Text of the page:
Making dollars make sense 

Why money matters for your kids 

By Lindsey Bunin

With the price of most things on the rise, money is top of mind for many Nova Scotian families. While it can be a sensitive subject, opening the money conversation in your home can be beneficial for every member of the household.

According to Brenda Kenney of JA Nova Scotia (an organization offering financial literacy, workplace readiness and entrepreneurship programming in local schools and online) some families don’t address finances the way they should. 

“Many parents don’t talk to their kids about the financial situation the family’s in,” says Kenney. “They either don’t want to or don’t have the knowledge to pass on that kind of information. It’s getting harder to not live paycheque to paycheque with the cost of fuel and groceries, and obviously housing is a huge factor as well.”

The JA Nova Scotia courses cover topics suitable for grades 3 to 12, and in the past year has had 11,506 students participate in school-based programs and 54 students independently complete the program through an online portal.

The Dollars with Sense program, for example, makes learning fun for high school students by using games and multimedia. Students learn about budgeting, money management, credit management, saving, investing and financial goal setting.

“I think it’s critical for our kids to be prepared,” says Kenney, who has been with the organization 30 years. “Our society wants instant gratification, so wanting to save for the future while also enjoying today is an important skill to learn.”

Times have changed

Allison Findlay is a mom with two adult children. When her kids were young, she tried to instill the value of a dollar, much like her own parents had done with her. 

“As a child, my first lessons were more about making do with what we had,” she says of her experience growing up in the 1970s and ’80s. “You would borrow things from friends versus buying something, you would stretch your food as far as you could, and you bought things only when on sale.”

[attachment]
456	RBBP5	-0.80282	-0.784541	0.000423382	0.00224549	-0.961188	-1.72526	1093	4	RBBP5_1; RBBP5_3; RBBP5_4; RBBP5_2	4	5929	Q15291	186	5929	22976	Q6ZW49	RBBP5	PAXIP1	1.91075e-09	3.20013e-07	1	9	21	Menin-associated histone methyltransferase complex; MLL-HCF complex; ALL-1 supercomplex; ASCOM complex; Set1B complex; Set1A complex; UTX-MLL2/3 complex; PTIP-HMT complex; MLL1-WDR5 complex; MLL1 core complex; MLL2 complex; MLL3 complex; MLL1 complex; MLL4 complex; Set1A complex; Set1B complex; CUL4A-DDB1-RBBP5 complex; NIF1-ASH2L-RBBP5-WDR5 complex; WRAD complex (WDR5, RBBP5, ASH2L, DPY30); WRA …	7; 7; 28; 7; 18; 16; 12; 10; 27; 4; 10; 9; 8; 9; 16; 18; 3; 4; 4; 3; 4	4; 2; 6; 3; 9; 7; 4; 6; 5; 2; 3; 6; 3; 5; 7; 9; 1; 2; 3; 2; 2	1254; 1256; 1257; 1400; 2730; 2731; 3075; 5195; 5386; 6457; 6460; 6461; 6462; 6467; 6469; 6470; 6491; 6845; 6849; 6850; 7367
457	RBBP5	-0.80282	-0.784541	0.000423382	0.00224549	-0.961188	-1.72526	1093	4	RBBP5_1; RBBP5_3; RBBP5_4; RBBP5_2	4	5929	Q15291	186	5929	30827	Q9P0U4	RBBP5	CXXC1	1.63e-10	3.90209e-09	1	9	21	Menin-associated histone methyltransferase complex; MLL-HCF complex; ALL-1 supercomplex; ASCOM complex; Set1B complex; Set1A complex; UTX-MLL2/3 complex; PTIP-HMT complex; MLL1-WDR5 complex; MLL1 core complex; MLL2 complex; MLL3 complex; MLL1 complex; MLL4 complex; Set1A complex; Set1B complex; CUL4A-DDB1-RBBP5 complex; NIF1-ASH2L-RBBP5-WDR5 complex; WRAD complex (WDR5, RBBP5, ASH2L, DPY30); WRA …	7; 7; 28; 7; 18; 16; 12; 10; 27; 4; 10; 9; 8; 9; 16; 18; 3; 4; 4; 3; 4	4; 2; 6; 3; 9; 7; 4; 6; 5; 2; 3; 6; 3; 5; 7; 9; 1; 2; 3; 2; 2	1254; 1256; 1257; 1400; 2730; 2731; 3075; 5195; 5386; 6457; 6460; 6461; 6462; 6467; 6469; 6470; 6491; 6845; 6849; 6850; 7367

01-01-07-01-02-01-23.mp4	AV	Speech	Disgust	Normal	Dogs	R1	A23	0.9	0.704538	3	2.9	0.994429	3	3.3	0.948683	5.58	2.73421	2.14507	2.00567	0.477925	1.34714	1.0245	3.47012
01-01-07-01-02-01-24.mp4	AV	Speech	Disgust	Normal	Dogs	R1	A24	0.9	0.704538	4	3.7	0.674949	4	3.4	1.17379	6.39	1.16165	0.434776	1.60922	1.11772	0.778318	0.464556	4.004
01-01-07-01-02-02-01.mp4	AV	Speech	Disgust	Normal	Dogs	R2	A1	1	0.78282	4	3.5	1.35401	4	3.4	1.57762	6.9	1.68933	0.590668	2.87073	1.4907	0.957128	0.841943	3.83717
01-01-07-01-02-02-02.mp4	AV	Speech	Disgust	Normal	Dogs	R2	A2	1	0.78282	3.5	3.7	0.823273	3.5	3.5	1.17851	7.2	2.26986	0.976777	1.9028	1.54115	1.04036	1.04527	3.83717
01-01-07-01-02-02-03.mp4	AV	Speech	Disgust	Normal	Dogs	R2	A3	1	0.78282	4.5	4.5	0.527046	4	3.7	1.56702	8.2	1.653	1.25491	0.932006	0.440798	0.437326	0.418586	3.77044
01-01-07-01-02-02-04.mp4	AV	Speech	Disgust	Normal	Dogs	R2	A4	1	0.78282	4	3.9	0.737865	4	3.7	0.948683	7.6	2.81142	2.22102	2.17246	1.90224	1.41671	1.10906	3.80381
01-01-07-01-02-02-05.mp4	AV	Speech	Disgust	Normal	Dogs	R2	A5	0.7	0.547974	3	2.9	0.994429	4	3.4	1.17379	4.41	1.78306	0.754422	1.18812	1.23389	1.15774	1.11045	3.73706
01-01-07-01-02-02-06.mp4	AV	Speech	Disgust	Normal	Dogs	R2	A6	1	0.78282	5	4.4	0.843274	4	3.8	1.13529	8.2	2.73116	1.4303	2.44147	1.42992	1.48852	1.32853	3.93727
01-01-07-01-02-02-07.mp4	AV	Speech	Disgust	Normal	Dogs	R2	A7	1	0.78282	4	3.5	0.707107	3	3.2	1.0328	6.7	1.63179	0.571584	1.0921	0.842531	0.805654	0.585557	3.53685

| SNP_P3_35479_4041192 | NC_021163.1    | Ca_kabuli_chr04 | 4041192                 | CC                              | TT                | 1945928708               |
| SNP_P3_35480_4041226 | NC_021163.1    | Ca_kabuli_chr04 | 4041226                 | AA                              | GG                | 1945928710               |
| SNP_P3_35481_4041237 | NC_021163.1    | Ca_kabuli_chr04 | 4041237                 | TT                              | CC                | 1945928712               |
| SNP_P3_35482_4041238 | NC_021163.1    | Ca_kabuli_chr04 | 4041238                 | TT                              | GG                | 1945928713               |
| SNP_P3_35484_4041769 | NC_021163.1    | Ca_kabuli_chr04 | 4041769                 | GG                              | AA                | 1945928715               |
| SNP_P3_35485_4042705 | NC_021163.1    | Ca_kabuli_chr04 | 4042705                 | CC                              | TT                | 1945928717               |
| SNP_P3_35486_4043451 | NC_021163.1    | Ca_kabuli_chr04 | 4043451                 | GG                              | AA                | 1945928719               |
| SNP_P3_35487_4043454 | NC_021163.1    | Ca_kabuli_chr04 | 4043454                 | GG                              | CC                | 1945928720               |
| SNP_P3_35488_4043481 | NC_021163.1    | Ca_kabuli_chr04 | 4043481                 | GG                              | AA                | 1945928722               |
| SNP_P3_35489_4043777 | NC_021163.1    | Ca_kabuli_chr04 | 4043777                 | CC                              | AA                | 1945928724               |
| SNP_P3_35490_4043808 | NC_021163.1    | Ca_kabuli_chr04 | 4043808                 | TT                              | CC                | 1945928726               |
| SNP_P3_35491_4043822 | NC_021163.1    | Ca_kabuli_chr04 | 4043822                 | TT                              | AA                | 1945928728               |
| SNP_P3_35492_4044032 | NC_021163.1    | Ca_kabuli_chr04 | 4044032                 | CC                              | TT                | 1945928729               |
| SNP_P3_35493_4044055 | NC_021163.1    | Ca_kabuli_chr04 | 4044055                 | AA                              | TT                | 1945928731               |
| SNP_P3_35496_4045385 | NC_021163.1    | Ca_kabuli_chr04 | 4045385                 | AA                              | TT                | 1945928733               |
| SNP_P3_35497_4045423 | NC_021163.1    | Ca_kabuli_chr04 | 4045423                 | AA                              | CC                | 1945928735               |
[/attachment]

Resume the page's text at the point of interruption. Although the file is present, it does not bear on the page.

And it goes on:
As her kids grew, they earned an allowance for age-appropriate chores and got part-time jobs as soon as they were able. In addition to earning, saving was just as paramount in the Findlay household. They used the 50, 25, 15 and 10-per-cent rule. Fifty per cent was for them to use as they liked, but they had to budget for things using that money.

“Like if they wanted sneakers that cost more than I was going to pay, a new video game, a trip, car insurance or gas money… things like that,” she explains. “Twenty-five per cent went to their education fund, 15 per cent was to contribute toward gifts for family and friends, and 10 per cent was for charity.” 

The challenge with allowance, Findlay notes, was making sure the kids understood some chores were their contribution to the family and household, while other chores were things they would get paid for, then applying that logic to real life as they got older.

“We also tried to show them why a budget is important, like having them do a grocery order for $20 with a list I gave them and trying to get it all for the money they had.”

While $20 certainly wouldn’t go very far at the grocery store today, a similar challenge would still teach children a valuable lesson.

Findlay’s daughter, Kayla, recalls being less than thrilled with her parents’ saving rules at the time but is grateful for the knowledge now. 

“When I was in school, they didn’t talk about money,” she says. “All of my money knowledge came from learning at home… Now as an adult, and having a true understanding of money, I wish I’d saved more as a kid. If I knew then what I know now I would not have been annoyed about saving.”   

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